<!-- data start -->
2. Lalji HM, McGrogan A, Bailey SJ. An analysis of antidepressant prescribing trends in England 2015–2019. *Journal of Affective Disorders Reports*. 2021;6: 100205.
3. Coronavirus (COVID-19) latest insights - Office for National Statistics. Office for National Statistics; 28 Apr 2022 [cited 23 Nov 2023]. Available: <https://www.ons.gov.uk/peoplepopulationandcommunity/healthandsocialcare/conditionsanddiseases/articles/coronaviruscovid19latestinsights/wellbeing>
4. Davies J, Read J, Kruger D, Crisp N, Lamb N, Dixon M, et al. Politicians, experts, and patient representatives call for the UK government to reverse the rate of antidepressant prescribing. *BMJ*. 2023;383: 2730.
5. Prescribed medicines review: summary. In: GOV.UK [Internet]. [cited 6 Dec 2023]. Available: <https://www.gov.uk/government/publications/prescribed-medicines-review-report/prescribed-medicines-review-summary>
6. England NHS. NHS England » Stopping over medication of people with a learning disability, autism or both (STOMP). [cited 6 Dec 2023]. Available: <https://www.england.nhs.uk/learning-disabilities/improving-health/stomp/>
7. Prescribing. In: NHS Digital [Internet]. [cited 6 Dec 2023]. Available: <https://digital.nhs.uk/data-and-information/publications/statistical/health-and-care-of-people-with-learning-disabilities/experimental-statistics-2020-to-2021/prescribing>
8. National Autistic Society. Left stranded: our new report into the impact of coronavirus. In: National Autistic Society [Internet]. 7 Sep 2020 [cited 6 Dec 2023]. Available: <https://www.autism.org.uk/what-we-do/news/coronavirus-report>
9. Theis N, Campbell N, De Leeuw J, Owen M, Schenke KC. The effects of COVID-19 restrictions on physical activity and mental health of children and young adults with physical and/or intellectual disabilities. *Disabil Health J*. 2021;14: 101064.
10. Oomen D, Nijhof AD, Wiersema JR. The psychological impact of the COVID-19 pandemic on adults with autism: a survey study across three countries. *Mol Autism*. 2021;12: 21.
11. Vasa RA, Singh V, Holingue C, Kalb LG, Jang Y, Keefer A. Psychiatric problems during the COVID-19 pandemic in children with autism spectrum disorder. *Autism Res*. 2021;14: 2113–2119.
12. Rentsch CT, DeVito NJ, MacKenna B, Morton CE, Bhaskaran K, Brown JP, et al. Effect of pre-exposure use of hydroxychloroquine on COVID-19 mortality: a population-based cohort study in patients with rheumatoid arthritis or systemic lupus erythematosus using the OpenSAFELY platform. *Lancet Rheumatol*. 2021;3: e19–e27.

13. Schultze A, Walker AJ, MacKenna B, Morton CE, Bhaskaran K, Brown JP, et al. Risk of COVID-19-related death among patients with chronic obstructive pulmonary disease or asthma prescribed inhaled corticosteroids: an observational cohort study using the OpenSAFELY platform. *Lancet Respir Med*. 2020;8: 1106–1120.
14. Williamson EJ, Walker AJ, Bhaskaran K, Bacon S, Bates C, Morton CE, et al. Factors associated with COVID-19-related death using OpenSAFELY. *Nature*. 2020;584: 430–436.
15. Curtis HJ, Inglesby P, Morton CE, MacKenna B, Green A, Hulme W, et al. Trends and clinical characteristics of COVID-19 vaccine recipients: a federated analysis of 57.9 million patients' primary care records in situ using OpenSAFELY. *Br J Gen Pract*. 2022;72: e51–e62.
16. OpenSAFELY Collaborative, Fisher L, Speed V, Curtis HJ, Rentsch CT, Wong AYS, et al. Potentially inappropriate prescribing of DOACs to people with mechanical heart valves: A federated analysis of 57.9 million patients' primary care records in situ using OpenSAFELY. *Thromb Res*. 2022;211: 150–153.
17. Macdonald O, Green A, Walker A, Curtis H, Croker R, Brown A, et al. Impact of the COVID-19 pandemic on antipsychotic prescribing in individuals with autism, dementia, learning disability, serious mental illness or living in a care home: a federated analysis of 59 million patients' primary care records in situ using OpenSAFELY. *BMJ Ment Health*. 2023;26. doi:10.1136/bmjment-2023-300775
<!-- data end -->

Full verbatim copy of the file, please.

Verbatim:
2. Lalji HM, McGrogan A, Bailey SJ. An analysis of antidepressant prescribing trends in England 2015–2019. *Journal of Affective Disorders Reports*. 2021;6: 100205.
3. Coronavirus (COVID-19) latest insights - Office for National Statistics. Office for National Statistics; 28 Apr 2022 [cited 23 Nov 2023]. Available: <https://www.ons.gov.uk/peoplepopulationandcommunity/healthandsocialcare/conditionsanddiseases/articles/coronaviruscovid19latestinsights/wellbeing>
4. Davies J, Read J, Kruger D, Crisp N, Lamb N, Dixon M, et al. Politicians, experts, and patient representatives call for the UK government to reverse the rate of antidepressant prescribing. *BMJ*. 2023;383: 2730.
5. Prescribed medicines review: summary. In: GOV.UK [Internet]. [cited 6 Dec 2023]. Available: <https://www.gov.uk/government/publications/prescribed-medicines-review-report/prescribed-medicines-review-summary>
6. England NHS. NHS England » Stopping over medication of people with a learning disability, autism or both (STOMP). [cited 6 Dec 2023]. Available: <https://www.england.nhs.uk/learning-disabilities/improving-health/stomp/>
7. Prescribing. In: NHS Digital [Internet]. [cited 6 Dec 2023]. Available: <https://digital.nhs.uk/data-and-information/publications/statistical/health-and-care-of-people-with-learning-disabilities/experimental-statistics-2020-to-2021/prescribing>
8. National Autistic Society. Left stranded: our new report into the impact of coronavirus. In: National Autistic Society [Internet]. 7 Sep 2020 [cited 6 Dec 2023]. Available: <https://www.autism.org.uk/what-we-do/news/coronavirus-report>
9. Theis N, Campbell N, De Leeuw J, Owen M, Schenke KC. The effects of COVID-19 restrictions on physical activity and mental health of children and young adults with physical and/or intellectual disabilities. *Disabil Health J*. 2021;14: 101064.
10. Oomen D, Nijhof AD, Wiersema JR. The psychological impact of the COVID-19 pandemic on adults with autism: a survey study across three countries. *Mol Autism*. 2021;12: 21.
11. Vasa RA, Singh V, Holingue C, Kalb LG, Jang Y, Keefer A. Psychiatric problems during the COVID-19 pandemic in children with autism spectrum disorder. *Autism Res*. 2021;14: 2113–2119.
12. Rentsch CT, DeVito NJ, MacKenna B, Morton CE, Bhaskaran K, Brown JP, et al. Effect of pre-exposure use of hydroxychloroquine on COVID-19 mortality: a population-based cohort study in patients with rheumatoid arthritis or systemic lupus erythematosus using the OpenSAFELY platform. *Lancet Rheumatol*. 2021;3: e19–e27.

13. Schultze A, Walker AJ, MacKenna B, Morton CE, Bhaskaran K, Brown JP, et al. Risk of COVID-19-related death among patients with chronic obstructive pulmonary disease or asthma prescribed inhaled corticosteroids: an observational cohort study using the OpenSAFELY platform. *Lancet Respir Med*. 2020;8: 1106–1120.
14. Williamson EJ, Walker AJ, Bhaskaran K, Bacon S, Bates C, Morton CE, et al. Factors associated with COVID-19-related death using OpenSAFELY. *Nature*. 2020;584: 430–436.
15. Curtis HJ, Inglesby P, Morton CE, MacKenna B, Green A, Hulme W, et al. Trends and clinical characteristics of COVID-19 vaccine recipients: a federated analysis of 57.9 million patients' primary care records in situ using OpenSAFELY. *Br J Gen Pract*. 2022;72: e51–e62.
16. OpenSAFELY Collaborative, Fisher L, Speed V, Curtis HJ, Rentsch CT, Wong AYS, et al. Potentially inappropriate prescribing of DOACs to people with mechanical heart valves: A federated analysis of 57.9 million patients' primary care records in situ using OpenSAFELY. *Thromb Res*. 2022;211: 150–153.
17. Macdonald O, Green A, Walker A, Curtis H, Croker R, Brown A, et al. Impact of the COVID-19 pandemic on antipsychotic prescribing in individuals with autism, dementia, learning disability, serious mental illness or living in a care home: a federated analysis of 59 million patients' primary care records in situ using OpenSAFELY. *BMJ Ment Health*. 2023;26. doi:10.1136/bmjment-2023-300775